“Telematics’ has become a buzz word in the industry, and manufacturers are working to incorporate that technology into their machines. We designed the GOMACO Remote Diagnostics system specifically for concrete pavers to expand on conventional telematics capability. Users have visibility into how, when, and where their equipment is being used, and remote capability allows diagnostic reviews—on site, in the shop, or at the factory—and also allows updating software and sending new code for 3D machine guidance directly to the project. The system also can actually read the smoothness of a newly paved slab. When the paver is equipped with the GOMACO Smoothness Indicator, contractors can access real-time smoothness performance on a mobile phone or a desk-top computer.” Kevin Klein (GOMACO)
“The concrete-paving market continually asks for versatility—versatility that includes quick loading/unloading capabilities and the ability to adapt to job-site conditions and perform applications well. To illustrate, our machines can naturally pour between the tracks, but if job-site conditions call for zero-track-line paving—for example, when pouring shoulders or outside lanes— then the machine can pour in what we call a ‘cantilever’ set-up with the mold offset to the side.” Kevin Klein (GOMACO)
What is the general state of health for the various slipform markets?
“Taking the long view, in general, the market in all slipform segments are up and customer order books look healthy through 2018.” Tim Nash (Wirtgen)
“We’ve been experiencing a significant upward trend in new-equipment sales for residential and commercial curb-and-gutter segments of the market.” Curtis Bales (Easi-Pour)
“Our customers are doing very well right now, and there’s a lot of work underway. Many are looking to the future and updating older equipment. We’re seeing an increase in curb-and-gutter work in the Midwest, both residential and commercial. The barrier market seems strongest in the South right now, predominantly in Georgia, Florida, and the Carolinas. Our strategic alignment with Guntert & Zimmerman [formed Oct. 2016 to meld sales, marketing, and service divisions] also is yielding increased opportunities in international markets, which seem to be very good at present.” Tod Smith (Miller Formless)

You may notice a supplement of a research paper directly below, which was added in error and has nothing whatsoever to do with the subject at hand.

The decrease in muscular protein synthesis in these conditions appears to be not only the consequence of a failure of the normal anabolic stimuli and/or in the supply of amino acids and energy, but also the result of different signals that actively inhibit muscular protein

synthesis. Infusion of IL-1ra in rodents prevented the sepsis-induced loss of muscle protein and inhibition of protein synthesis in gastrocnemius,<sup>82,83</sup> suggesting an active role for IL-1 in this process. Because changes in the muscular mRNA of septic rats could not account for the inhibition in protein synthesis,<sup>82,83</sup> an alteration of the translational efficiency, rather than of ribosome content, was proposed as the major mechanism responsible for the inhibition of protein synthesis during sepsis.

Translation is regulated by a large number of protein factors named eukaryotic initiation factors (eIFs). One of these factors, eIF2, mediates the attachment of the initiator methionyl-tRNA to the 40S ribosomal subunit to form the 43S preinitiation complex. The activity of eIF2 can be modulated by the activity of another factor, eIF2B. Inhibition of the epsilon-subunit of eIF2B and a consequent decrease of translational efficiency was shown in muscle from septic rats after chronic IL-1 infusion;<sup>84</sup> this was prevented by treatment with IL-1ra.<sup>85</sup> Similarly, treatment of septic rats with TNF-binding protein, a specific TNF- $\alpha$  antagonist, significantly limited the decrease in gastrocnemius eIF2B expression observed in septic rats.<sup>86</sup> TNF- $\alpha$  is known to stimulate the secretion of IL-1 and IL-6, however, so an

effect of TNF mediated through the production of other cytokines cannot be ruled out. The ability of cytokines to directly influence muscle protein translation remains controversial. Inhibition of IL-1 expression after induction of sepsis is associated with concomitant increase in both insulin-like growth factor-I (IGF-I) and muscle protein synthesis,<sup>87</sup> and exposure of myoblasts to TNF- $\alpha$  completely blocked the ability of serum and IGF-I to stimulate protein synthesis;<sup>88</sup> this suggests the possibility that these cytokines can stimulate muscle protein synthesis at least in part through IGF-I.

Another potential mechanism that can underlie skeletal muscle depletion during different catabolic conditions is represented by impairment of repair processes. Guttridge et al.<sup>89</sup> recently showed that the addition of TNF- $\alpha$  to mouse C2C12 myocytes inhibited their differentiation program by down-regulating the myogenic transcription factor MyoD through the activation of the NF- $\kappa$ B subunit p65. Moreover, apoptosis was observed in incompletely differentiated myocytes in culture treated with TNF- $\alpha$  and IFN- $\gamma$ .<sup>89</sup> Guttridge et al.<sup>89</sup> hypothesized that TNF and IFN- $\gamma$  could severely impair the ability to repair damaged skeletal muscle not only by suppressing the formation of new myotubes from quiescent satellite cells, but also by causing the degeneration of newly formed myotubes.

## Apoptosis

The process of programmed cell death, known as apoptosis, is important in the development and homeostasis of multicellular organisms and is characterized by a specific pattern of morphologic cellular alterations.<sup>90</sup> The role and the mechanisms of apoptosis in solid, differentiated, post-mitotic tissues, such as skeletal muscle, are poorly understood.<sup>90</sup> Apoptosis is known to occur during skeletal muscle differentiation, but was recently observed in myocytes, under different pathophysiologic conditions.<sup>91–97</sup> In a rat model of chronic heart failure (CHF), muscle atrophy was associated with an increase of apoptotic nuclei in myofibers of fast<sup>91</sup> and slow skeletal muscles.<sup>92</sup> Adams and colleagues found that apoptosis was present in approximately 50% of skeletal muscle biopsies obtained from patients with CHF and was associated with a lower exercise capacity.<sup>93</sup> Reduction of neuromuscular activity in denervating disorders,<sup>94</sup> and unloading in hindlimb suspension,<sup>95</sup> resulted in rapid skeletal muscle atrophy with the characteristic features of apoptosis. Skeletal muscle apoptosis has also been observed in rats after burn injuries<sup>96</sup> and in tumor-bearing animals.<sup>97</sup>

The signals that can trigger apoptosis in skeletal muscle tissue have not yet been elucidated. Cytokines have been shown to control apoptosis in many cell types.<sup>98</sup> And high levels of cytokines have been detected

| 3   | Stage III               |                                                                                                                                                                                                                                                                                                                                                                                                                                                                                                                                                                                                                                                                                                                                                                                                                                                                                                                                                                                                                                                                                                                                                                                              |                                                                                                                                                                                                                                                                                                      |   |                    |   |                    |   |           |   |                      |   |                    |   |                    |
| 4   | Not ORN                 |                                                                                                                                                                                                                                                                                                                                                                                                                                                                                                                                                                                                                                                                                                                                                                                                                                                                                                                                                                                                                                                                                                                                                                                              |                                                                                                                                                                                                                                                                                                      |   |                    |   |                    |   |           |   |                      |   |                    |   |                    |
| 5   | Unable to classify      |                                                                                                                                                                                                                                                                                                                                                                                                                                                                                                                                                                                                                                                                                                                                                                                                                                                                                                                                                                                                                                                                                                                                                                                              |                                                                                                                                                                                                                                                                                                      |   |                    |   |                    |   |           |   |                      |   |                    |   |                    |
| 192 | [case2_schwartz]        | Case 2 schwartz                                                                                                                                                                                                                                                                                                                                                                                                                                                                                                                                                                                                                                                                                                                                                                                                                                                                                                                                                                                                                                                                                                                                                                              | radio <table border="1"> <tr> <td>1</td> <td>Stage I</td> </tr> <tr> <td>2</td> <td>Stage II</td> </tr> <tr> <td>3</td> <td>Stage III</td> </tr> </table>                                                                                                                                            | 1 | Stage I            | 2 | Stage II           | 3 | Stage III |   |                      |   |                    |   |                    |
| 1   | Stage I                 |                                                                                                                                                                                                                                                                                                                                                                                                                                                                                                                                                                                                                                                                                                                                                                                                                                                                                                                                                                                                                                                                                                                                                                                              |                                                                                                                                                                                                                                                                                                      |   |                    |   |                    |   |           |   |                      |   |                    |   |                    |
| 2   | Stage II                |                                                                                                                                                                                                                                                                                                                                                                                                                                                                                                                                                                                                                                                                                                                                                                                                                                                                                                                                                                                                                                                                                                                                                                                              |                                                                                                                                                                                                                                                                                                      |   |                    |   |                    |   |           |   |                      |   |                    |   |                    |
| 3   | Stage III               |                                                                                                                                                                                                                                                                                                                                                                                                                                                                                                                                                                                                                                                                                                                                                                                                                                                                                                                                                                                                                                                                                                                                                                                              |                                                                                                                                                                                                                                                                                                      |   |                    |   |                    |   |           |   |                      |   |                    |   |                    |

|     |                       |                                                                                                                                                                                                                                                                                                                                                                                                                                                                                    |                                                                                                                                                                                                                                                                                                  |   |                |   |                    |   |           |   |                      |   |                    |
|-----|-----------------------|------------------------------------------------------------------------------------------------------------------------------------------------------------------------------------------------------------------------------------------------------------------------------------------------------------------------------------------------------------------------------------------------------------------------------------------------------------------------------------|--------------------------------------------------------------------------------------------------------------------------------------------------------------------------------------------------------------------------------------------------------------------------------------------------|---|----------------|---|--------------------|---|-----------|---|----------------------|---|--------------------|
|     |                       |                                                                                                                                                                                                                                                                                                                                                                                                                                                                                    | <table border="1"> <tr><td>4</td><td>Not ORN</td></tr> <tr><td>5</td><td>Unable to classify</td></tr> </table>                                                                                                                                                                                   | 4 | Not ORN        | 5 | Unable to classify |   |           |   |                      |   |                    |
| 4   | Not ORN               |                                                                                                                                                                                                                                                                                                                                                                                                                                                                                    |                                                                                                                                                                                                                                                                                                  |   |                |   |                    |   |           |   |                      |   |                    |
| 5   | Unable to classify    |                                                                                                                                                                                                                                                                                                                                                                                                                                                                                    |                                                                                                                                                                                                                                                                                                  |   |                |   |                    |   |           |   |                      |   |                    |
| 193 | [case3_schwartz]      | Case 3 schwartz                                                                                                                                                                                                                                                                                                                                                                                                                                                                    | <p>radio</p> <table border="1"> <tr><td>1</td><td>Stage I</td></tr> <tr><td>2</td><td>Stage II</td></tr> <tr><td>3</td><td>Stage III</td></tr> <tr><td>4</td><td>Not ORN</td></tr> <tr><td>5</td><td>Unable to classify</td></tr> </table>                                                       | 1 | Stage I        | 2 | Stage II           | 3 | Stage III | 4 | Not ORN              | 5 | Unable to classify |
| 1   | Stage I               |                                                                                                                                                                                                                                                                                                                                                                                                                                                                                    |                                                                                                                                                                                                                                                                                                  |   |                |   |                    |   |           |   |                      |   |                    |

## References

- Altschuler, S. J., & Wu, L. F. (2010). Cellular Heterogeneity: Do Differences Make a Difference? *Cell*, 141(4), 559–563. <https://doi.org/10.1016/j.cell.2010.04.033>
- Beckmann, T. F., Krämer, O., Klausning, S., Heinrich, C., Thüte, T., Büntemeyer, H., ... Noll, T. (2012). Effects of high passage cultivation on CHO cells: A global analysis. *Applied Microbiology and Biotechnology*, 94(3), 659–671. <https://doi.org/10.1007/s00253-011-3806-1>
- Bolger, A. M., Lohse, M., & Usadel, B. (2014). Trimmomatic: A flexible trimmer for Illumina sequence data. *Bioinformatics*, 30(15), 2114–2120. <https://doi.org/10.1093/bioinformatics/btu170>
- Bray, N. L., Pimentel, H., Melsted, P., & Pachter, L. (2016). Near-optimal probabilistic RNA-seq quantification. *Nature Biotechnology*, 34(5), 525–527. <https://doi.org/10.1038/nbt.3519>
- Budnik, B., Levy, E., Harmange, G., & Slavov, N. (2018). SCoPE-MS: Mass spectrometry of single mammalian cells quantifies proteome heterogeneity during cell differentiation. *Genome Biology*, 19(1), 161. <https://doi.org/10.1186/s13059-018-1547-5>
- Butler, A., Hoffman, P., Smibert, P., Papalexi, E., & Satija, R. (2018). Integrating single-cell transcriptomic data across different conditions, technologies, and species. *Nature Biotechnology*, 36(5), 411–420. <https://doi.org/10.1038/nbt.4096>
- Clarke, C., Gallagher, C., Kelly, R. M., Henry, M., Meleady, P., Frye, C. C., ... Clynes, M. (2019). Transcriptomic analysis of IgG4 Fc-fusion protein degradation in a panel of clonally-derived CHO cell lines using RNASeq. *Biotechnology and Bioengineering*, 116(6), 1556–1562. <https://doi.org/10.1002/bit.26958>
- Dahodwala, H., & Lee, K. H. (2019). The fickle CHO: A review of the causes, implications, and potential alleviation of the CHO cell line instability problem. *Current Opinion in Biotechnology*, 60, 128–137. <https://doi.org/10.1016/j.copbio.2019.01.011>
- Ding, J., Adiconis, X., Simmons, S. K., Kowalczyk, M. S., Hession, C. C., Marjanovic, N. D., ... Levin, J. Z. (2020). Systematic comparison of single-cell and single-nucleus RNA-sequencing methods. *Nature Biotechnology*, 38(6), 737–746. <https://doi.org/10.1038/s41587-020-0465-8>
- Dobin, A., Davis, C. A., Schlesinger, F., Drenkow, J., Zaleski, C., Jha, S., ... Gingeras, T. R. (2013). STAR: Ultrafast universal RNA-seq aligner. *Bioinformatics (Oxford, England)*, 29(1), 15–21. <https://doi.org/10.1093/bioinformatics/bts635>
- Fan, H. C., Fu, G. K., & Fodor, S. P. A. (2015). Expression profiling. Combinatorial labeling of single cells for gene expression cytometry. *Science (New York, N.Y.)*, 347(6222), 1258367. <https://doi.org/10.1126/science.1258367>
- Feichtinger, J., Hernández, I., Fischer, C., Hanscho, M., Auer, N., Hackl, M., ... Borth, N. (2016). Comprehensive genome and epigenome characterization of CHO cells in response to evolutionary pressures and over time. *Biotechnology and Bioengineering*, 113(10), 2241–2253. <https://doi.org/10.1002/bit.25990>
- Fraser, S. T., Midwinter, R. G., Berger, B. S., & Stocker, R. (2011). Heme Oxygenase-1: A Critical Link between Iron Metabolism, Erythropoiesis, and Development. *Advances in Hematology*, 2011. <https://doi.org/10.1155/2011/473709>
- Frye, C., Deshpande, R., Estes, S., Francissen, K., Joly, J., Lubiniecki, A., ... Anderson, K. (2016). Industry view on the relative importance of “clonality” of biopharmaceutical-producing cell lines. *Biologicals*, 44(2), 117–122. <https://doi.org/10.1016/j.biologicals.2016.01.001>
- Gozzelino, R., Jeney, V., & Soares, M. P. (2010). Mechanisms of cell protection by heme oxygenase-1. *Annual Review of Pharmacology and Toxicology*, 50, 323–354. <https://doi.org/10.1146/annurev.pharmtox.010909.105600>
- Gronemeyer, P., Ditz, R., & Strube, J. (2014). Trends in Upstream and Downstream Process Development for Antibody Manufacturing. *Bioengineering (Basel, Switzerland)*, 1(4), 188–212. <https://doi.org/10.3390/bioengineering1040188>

“The curb-and-gutter/sidewalk market is quite strong domestically due to the increase in housing starts over the past couple years—and the commercial development that follows new houses. Global infrastructure investment also has created demand for slipform road-paving equipment.” Stephen Bullock (Power Pavers/Power Curbers)
What challenges are slipform contractors up against today?
“One area I think most contractors are facing a similar problem is that of finding and keeping skilled workers to run equipment. From a project-specific viewpoint, jobs tend to be cut-up, reconstruction-type work, which presents numerous challenges, including discontinuous paving runs, multiple width-change requirements, and simply getting concrete to the machines in the quantities needed—while at the same time addressing tighter smoothness specifications. This is precisely where we’ve focused paver design.” Tim Nash (Wirtgen)
“As in any construction segment, labor, not only skilled labor, but simply anyone willing to do physical work, is difficult for paving contractors to find right now. This situation, in part, is what’s driving the demand for stringless operation. In spite of the relatively high cost [of stringless systems], contractors are willing to make the investment, because of the difficulty of finding laborers willing to pound pins in the ground to set string line.” Stephen Bullock (Power Pavers/Power Curbers)
“Competitiveness among contractors over the years has changed drastically—basically, contractors today need to find competitive advantages, which includes using machines that do the job better and faster than those of their competitors.” Curtis Bales (Easi-Pour)
“Transportability and versatility are major challenges today. Not every concrete-paving contractor has the luxury of of doing long, wide, mainline paving with a large machine. So, the need today is for machines that can be loaded quickly, moved to different projects around the territory, unloaded, and then knock out a one-day pour. It’s not uncommon for a versatile slipform machine to be paving a city street today, and then to be clear across town the next day on another project. The paving season is short in many parts of the county, so the slipform paver needs the ability to change widths and setups in a reasonable amount of time. Kevin Klein (GOMACO)